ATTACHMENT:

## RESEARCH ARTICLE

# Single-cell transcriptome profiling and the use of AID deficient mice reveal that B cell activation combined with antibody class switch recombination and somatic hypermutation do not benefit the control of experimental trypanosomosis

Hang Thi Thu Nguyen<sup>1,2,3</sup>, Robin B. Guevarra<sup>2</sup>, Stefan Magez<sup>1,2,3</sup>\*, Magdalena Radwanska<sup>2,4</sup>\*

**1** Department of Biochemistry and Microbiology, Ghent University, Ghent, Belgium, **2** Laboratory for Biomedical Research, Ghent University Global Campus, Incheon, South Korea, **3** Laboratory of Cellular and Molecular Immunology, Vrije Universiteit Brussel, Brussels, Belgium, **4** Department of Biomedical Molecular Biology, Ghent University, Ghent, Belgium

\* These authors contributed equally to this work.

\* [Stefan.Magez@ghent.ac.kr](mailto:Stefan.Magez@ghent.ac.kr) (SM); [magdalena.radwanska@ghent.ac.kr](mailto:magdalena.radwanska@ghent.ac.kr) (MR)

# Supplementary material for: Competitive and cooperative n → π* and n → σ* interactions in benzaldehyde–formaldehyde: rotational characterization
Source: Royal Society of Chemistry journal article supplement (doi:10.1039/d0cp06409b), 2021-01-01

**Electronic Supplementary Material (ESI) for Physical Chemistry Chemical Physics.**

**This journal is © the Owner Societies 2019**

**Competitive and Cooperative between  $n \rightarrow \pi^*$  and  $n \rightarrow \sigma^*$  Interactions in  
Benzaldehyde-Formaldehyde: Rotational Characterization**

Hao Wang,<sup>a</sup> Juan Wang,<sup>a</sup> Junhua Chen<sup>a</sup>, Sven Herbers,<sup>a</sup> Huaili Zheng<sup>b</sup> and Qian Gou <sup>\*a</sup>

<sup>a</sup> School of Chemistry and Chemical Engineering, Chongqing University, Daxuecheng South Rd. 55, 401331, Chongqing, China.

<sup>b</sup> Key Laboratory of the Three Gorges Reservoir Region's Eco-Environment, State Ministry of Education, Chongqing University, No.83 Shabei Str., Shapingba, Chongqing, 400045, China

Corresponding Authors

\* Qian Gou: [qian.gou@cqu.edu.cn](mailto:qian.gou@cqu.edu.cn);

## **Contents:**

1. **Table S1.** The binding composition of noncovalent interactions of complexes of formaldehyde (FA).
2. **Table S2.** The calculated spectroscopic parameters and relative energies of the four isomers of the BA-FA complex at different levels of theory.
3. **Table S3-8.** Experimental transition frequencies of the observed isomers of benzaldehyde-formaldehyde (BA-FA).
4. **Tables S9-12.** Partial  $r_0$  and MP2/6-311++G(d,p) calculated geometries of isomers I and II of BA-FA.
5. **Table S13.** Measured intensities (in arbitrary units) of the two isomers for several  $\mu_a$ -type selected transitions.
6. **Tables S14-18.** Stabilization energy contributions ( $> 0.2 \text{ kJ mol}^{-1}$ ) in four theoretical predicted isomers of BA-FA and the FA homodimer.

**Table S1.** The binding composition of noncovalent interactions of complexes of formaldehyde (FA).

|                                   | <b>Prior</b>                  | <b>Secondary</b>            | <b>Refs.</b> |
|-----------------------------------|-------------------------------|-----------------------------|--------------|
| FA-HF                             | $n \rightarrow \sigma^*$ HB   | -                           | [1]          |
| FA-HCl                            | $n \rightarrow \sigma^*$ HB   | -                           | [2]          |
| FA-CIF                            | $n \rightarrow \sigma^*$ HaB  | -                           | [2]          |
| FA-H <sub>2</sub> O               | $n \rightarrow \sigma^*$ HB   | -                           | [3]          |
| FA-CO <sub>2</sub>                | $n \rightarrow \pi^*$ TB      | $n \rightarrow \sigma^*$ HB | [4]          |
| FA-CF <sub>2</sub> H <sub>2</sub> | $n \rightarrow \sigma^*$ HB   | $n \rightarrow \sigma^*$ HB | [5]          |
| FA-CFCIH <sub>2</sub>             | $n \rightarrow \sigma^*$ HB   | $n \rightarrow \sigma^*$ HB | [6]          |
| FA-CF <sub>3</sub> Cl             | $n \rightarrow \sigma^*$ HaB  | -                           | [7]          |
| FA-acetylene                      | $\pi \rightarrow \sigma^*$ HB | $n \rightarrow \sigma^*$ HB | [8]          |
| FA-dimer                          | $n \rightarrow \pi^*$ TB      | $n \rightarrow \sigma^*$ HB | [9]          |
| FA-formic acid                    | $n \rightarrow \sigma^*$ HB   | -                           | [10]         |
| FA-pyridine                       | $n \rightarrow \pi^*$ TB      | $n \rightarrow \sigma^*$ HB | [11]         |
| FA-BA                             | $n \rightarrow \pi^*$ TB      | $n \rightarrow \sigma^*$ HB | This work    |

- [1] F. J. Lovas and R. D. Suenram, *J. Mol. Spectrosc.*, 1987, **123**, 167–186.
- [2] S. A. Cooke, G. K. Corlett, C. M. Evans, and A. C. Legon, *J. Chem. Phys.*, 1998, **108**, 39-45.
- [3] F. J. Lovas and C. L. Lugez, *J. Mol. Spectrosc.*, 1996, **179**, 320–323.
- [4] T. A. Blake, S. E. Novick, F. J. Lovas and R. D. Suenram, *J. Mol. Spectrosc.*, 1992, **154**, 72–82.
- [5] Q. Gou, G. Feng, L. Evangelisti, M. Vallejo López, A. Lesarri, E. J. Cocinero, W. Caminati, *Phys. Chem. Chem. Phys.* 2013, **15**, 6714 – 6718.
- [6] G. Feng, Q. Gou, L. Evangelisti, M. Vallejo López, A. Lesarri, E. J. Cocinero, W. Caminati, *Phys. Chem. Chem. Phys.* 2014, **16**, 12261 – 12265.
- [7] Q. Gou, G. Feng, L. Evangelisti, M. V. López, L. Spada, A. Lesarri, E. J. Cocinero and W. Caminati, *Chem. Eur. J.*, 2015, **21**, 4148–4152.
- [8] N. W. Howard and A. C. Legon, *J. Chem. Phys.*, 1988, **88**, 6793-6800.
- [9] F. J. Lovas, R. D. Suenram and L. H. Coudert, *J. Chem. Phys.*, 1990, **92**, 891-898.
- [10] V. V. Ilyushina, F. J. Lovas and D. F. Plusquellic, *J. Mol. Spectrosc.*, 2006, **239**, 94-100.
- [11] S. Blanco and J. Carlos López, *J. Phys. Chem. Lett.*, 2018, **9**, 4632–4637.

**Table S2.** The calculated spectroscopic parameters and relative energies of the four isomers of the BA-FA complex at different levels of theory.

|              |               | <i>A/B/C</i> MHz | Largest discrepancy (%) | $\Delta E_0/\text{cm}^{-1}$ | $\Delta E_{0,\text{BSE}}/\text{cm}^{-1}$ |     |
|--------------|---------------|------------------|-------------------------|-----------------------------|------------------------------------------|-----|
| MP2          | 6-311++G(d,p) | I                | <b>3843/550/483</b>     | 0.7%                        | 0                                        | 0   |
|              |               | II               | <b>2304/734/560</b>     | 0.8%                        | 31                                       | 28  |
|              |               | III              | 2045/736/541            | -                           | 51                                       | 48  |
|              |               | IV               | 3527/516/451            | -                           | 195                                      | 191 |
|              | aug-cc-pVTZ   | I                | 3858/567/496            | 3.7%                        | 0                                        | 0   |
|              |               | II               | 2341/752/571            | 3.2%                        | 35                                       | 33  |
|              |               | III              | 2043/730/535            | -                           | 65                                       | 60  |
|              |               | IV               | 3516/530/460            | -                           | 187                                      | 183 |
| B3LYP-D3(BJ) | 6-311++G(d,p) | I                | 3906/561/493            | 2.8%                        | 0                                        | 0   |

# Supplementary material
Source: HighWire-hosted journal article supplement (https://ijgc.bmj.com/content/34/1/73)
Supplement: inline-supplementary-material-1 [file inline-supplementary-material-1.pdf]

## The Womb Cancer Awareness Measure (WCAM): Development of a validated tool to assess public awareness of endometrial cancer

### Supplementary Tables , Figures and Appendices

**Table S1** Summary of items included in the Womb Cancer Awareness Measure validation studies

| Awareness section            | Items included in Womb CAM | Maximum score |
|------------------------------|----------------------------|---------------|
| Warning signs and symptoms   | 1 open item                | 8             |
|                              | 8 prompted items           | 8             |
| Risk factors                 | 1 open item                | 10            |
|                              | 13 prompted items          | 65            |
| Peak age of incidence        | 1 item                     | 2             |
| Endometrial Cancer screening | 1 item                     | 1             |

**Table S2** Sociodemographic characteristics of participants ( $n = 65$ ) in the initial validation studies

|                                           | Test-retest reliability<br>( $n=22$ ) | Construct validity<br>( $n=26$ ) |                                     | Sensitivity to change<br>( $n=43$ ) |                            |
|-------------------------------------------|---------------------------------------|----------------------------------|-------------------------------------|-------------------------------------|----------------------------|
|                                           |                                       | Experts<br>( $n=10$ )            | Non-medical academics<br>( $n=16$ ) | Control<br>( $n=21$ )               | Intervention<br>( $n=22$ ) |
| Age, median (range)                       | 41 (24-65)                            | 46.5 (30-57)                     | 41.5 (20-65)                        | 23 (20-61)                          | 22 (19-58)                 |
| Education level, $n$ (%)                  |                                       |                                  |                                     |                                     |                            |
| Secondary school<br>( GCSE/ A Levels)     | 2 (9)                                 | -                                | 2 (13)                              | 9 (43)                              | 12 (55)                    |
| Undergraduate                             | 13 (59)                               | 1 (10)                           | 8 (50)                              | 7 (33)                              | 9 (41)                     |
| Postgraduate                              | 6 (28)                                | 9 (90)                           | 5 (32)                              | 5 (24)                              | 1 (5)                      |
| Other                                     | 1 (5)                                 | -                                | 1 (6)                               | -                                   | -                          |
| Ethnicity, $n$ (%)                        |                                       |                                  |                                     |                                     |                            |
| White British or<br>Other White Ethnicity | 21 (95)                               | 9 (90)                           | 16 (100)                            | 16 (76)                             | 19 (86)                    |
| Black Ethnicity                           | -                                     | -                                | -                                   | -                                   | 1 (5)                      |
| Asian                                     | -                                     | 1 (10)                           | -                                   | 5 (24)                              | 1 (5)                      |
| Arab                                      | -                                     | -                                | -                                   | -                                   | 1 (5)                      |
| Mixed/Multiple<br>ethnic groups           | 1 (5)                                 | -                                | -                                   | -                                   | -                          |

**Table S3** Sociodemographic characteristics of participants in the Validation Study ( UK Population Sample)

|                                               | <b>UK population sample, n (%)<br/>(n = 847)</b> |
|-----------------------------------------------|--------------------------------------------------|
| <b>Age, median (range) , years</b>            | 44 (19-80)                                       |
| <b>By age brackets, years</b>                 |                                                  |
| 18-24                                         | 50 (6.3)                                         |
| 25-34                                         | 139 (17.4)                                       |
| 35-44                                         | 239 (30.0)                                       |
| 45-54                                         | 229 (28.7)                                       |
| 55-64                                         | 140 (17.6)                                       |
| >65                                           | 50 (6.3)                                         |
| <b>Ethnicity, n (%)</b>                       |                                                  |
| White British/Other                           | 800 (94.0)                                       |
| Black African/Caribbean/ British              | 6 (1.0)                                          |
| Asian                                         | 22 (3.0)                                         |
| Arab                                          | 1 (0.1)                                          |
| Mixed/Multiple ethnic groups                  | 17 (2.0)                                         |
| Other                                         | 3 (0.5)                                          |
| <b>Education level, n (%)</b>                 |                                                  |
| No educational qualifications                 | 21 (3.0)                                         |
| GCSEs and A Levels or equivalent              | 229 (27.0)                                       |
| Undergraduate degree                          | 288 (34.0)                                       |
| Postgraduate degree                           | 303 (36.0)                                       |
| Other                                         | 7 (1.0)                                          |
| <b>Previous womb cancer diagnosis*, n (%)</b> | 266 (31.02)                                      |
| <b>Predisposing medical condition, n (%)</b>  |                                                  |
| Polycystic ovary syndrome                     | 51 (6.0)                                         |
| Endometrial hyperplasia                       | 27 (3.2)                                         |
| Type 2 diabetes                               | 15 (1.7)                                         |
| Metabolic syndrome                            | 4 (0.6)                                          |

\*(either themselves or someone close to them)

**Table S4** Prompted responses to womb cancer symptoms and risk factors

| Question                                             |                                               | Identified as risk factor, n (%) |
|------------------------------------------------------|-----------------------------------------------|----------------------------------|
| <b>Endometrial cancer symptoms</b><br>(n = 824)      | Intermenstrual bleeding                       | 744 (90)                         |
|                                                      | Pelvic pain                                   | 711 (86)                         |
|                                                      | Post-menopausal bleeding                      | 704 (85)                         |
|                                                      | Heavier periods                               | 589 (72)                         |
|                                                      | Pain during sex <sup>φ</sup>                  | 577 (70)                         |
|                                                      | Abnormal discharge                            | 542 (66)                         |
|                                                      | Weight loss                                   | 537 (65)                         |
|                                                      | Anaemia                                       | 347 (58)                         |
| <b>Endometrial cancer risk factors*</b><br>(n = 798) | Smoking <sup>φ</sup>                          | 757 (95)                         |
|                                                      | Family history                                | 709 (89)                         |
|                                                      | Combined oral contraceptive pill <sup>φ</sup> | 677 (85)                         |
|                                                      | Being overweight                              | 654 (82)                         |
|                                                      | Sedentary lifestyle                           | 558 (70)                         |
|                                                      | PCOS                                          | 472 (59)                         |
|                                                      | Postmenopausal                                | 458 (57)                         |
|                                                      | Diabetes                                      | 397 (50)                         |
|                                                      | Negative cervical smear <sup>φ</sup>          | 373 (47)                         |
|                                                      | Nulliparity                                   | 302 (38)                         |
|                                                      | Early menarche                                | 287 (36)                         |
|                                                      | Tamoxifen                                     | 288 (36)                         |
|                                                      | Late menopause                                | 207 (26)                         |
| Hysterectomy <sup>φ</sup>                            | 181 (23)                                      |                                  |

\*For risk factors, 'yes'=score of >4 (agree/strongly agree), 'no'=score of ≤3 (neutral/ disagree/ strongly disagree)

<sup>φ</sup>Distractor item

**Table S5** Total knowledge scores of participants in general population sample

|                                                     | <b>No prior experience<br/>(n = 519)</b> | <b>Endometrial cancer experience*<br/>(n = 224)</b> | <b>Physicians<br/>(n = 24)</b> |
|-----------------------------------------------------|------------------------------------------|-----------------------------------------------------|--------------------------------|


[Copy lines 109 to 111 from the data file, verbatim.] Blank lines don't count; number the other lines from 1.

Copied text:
| Arab                                          | 1 (0.1)                                          |
| Mixed/Multiple ethnic groups                  | 17 (2.0)                                         |
| Other                                         | 3 (0.5)                                          |